With regard to executing a speed adjustment request from the central computer 140, a compliant vehicle 110 may follow a request to coast-down in an autonomous mode, i.e., without control of a human. For example, a vehicle 110 computer may include programming to adjust the vehicle 110 speed, e.g., the vehicle 110 computer can adjust an amount of energy provided to a drive train, e.g., one or more of electric, gasoline powered, etc., of the vehicle 110 to reach a desired speed requested by the central computer 140. Alternatively, the vehicle 110 computer could transmit a message to another ECU of the vehicle 110 to adjust the speed, e.g., the vehicle 110 computer could send a message including a new desired speed value over a vehicle communication network to a powertrain ECU. The powertrain ECU could then, e.g., in a known manner, adjust an amount of airflow and/or injected fuel in an internal combustion engine, and/or a transmission gear state of the vehicle 110 to reach the desired speed.

It is also possible that a human operator could accept a speed adjustment request, e.g., shown on an in-vehicle display, by providing input such as pressing physical or virtual button, e.g., a profile setting in Ford Sync® system or the like. A vehicle 110 computer could detect such user input and then transmit a message via the network 120 to the central computer 140 confirming an acceptance of the speed adjustment request. The human operator could then manually adjust vehicle 110 speed, e.g. by adjusting pressure on a gas pedal.

In a semi-autonomous vehicle 110, i.e., one where one of propulsion (e.g., throttle), steering, and braking is controlled by a vehicle 110 computer, confirmation and adjustment of vehicle 110 speed may be implemented by the vehicle 110 computer. For example, in a semi-autonomous vehicle 110, speed of the vehicle 110 may be controlled by a Cruise Control ECU based on a preset desired speed, while a human operator steers the vehicle 110 manually. Upon receiving of a speed adjustment request from the central computer 140, the vehicle 110 computer may automatically adjust the preset speed of Cruise Control ECU according to the requested speed adjustment of the central computer 140, while other operations of the vehicle 110, e.g., steering, remain controlled by a human operator.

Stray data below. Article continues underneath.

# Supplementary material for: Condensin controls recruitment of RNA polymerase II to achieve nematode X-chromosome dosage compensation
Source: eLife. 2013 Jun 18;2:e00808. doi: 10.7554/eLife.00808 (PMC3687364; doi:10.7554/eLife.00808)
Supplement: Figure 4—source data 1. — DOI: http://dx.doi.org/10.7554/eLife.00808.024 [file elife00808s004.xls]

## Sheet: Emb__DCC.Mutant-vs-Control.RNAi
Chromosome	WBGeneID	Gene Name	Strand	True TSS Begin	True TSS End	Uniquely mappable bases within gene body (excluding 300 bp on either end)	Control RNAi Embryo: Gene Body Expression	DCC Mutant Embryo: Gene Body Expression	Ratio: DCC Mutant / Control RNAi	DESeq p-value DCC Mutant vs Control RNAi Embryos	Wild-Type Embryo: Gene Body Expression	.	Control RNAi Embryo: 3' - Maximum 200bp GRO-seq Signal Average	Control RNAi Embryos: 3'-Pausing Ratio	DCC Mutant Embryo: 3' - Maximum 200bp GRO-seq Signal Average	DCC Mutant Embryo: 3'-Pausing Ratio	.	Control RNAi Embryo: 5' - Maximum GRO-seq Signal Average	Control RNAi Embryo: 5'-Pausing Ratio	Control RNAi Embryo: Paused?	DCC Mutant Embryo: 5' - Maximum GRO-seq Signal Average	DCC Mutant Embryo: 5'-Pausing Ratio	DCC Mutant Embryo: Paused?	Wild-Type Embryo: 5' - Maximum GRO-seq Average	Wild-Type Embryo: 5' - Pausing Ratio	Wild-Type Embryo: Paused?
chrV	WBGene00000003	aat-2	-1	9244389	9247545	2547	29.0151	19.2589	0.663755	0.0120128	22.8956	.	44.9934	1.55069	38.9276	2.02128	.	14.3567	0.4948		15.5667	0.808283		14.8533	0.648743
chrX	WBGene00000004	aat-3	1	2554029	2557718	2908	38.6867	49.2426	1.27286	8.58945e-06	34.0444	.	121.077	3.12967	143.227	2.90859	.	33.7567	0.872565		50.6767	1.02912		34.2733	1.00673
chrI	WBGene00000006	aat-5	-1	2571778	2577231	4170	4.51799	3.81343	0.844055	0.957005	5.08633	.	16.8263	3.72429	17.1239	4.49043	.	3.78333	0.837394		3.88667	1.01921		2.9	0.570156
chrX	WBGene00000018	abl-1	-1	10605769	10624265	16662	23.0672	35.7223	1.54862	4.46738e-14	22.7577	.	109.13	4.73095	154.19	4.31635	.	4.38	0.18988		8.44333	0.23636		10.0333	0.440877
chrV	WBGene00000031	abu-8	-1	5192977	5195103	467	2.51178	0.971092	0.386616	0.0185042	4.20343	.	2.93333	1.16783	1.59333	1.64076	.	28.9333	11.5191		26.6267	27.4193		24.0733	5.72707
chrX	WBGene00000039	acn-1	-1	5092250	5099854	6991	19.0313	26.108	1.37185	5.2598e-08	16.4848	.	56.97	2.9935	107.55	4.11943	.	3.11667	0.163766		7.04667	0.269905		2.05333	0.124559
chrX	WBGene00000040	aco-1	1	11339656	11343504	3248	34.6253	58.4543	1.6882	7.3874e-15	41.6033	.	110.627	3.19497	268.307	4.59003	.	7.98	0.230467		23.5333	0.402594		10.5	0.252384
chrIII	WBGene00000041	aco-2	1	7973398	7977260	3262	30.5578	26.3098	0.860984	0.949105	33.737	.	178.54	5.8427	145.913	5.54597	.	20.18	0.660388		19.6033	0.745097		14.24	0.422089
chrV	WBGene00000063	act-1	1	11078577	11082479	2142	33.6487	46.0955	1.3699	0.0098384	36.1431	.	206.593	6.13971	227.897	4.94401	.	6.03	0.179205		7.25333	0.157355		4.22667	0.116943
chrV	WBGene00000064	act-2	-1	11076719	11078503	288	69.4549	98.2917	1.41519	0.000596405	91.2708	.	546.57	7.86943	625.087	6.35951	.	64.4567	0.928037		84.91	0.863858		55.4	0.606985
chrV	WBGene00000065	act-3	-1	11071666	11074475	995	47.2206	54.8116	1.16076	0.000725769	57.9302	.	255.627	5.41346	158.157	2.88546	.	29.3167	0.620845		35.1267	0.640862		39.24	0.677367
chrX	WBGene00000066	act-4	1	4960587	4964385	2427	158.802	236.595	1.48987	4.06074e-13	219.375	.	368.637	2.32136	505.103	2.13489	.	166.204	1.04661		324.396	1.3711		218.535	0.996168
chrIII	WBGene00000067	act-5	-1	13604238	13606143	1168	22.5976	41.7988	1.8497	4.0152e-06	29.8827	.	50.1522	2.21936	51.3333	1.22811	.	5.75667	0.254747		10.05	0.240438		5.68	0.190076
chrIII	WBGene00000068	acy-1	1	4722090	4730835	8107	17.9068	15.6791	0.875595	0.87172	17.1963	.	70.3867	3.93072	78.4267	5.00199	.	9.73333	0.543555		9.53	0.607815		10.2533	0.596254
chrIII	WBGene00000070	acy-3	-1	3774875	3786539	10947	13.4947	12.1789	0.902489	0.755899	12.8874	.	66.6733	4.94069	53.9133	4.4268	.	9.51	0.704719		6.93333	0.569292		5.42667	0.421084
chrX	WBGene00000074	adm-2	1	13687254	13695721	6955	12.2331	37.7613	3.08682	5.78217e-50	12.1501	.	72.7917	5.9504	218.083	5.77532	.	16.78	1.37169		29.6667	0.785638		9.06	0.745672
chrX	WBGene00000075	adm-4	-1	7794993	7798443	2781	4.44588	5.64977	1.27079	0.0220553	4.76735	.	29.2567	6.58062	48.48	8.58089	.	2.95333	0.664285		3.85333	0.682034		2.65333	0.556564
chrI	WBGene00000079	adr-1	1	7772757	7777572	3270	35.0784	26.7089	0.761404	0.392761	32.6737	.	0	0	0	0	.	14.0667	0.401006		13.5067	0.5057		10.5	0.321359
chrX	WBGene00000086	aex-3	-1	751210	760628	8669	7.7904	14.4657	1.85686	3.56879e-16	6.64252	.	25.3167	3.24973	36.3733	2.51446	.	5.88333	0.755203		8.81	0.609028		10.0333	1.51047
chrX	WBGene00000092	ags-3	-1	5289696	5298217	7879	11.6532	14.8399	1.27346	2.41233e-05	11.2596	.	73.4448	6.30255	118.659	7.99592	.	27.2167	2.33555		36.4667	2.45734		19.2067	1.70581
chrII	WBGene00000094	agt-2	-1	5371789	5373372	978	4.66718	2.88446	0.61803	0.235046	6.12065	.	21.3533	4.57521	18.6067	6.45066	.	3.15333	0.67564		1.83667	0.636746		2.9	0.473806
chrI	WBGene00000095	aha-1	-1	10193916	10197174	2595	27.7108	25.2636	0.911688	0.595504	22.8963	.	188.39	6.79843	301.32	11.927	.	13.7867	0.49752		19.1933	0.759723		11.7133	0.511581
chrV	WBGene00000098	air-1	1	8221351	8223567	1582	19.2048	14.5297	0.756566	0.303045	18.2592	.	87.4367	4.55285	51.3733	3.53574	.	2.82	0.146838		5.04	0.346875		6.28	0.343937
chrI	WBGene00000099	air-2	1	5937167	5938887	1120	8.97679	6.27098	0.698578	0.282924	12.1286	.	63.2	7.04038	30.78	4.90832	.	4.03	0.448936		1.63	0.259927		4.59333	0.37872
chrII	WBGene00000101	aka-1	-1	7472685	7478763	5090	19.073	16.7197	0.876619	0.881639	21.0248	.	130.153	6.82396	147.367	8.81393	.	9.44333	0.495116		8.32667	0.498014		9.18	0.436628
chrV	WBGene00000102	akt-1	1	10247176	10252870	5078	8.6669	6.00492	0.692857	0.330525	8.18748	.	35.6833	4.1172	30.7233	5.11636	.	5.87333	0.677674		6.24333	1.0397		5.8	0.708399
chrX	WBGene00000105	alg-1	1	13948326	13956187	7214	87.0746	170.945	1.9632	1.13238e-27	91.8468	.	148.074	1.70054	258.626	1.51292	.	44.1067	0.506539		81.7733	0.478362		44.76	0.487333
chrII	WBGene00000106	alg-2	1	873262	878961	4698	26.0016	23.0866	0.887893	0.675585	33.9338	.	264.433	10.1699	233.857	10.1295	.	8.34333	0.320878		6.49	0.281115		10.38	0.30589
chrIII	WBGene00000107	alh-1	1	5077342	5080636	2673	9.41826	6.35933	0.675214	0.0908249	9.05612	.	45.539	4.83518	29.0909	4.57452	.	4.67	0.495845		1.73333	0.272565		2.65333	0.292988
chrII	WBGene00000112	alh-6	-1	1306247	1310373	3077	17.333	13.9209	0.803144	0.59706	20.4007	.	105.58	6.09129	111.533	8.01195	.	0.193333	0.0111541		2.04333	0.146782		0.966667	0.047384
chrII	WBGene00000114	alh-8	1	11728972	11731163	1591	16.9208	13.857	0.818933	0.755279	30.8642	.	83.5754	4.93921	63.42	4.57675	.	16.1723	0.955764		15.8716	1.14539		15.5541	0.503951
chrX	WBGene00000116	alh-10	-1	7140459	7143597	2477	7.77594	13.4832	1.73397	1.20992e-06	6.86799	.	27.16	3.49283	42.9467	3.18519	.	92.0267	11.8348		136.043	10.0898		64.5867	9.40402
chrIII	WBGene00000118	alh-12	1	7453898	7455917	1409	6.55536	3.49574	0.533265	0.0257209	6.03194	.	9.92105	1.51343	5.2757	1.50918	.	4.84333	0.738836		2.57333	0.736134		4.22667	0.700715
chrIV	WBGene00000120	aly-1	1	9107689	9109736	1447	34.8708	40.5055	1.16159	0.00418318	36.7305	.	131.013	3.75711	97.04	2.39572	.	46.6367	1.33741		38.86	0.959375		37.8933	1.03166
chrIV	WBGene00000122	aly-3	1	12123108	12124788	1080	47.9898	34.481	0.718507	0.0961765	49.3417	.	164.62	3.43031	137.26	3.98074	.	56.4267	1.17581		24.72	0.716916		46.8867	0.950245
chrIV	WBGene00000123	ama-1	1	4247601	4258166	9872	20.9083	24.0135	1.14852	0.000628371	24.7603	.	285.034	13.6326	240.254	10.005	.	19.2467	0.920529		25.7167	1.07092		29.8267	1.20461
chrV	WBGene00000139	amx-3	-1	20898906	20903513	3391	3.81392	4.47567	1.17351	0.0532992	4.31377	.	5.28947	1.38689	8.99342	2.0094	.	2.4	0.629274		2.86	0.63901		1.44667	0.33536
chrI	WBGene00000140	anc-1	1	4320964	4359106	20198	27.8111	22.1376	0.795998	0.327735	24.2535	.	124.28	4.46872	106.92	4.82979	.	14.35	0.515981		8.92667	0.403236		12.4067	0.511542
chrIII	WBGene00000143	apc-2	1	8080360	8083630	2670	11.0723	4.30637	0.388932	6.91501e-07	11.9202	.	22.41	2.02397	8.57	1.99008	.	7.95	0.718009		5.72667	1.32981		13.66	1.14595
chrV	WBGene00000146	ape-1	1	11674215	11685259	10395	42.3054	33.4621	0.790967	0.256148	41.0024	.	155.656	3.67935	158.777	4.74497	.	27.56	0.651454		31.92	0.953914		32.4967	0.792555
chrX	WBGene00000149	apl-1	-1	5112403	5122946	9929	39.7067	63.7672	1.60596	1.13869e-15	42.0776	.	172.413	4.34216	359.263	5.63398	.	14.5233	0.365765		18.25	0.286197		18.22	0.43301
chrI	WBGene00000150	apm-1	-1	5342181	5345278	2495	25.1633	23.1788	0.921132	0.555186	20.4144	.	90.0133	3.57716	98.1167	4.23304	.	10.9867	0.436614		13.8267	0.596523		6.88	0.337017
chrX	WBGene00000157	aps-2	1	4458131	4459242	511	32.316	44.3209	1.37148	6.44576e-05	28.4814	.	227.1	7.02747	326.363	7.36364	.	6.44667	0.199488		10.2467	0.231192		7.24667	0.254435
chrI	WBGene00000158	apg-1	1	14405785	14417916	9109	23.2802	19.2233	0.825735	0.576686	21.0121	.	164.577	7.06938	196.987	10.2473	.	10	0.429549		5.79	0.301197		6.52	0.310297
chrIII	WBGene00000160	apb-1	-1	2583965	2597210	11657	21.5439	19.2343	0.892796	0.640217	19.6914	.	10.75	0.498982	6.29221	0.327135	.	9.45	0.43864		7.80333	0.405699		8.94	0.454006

FIG. 2 illustrates multiple vehicles 110, intersections 201, 205 with traffic lights 130. Moving vehicles 110 possess kinetic energy, which is gained during acceleration of vehicles 110. Various forms of energy, e.g. electrical energy stored in a battery of an electric vehicle 110, or chemical energy stored in fuel of a vehicle 110 with combustion engine, may be used to accelerate vehicle 110. The energy is usually converted to torque applied to one or more vehicle 100 wheel. Kinetic energy of a vehicle 110 changes when vehicle 110 speed changes.

An amount of kinetic energy of the vehicle 110 relates to the vehicle 110 speed. When a speed of a vehicle 110 decreases, kinetic energy of the vehicle 110 decreases, in other words, an amount of kinetic energy may be lost, i.e., changes to a form that cannot be reused to move the vehicle 110. This loss of kinetic energy may be in different forms, e.g. heat generated at brake pads of the respective vehicle 110 due to a friction between a brake pad and a surface, e.g. a rotating disk. The loss of kinetic energy may lead to a lower fuel efficiency.

Each time a red traffic light 130 causes a vehicle 110 to slow down or stop, kinetic energy of that vehicle 110 may be partially or fully lost. After the traffic light 130 changes to green, the vehicle 110 may use additional energy, e.g., supplied by fuel, to accelerate. Reducing number of times a vehicle 110 during a route is caused to brake, and reducing an amount of brake (i.e., kinetic) energy, may advantageously reduce fuel consumption.

Reducing speed of a vehicle 110 without braking is referred to herein as a “coast down.” During a coast down speed of a vehicle 110 may be reduced by reducing or ceasing supply of energy to a vehicle 110 drive train, e.g. reducing fuel injected to an internal combustion engine. Vehicle 110 speed may then decrease during coast down due to aerodynamic friction of vehicle 110 body and other frictions like friction between internal parts of a vehicle 110 drivetrain, road friction, etc., that are always present independent of the braking state of the vehicle 110. Reduction of kinetic energy during a coast down, i.e., loss of fuel efficiency, may not be significant compared to a reduction of kinetic energy due to applying brakes, because when a brake is unapplied frictions, as mentioned above, are typically present and affecting operation of a vehicle 110. As mentioned above, other kinds of speed adjustment requests are possible, e.g., via braking or acceleration.

The central computer 140 takes aggregate kinetic energy, i.e., pertaining to a plurality of vehicles 110, into account when optimizing traffic light 130 timing. As an example, with reference to FIG. 2, five vehicles 110 are proximate to the intersection 201 that includes the traffic light 130A. Proximity of vehicles 110 to an intersection 201 may be determined based on a distance to intersection (D2I) of a respective vehicle. For example, a memory in a light 130 may store a geolocation of the light 130 and/or of the intersection 201. Further, received data can indicate a geolocation of a vehicle 110, and/or a time to intersection can be determined based on a geolocation and speed of the vehicle 110.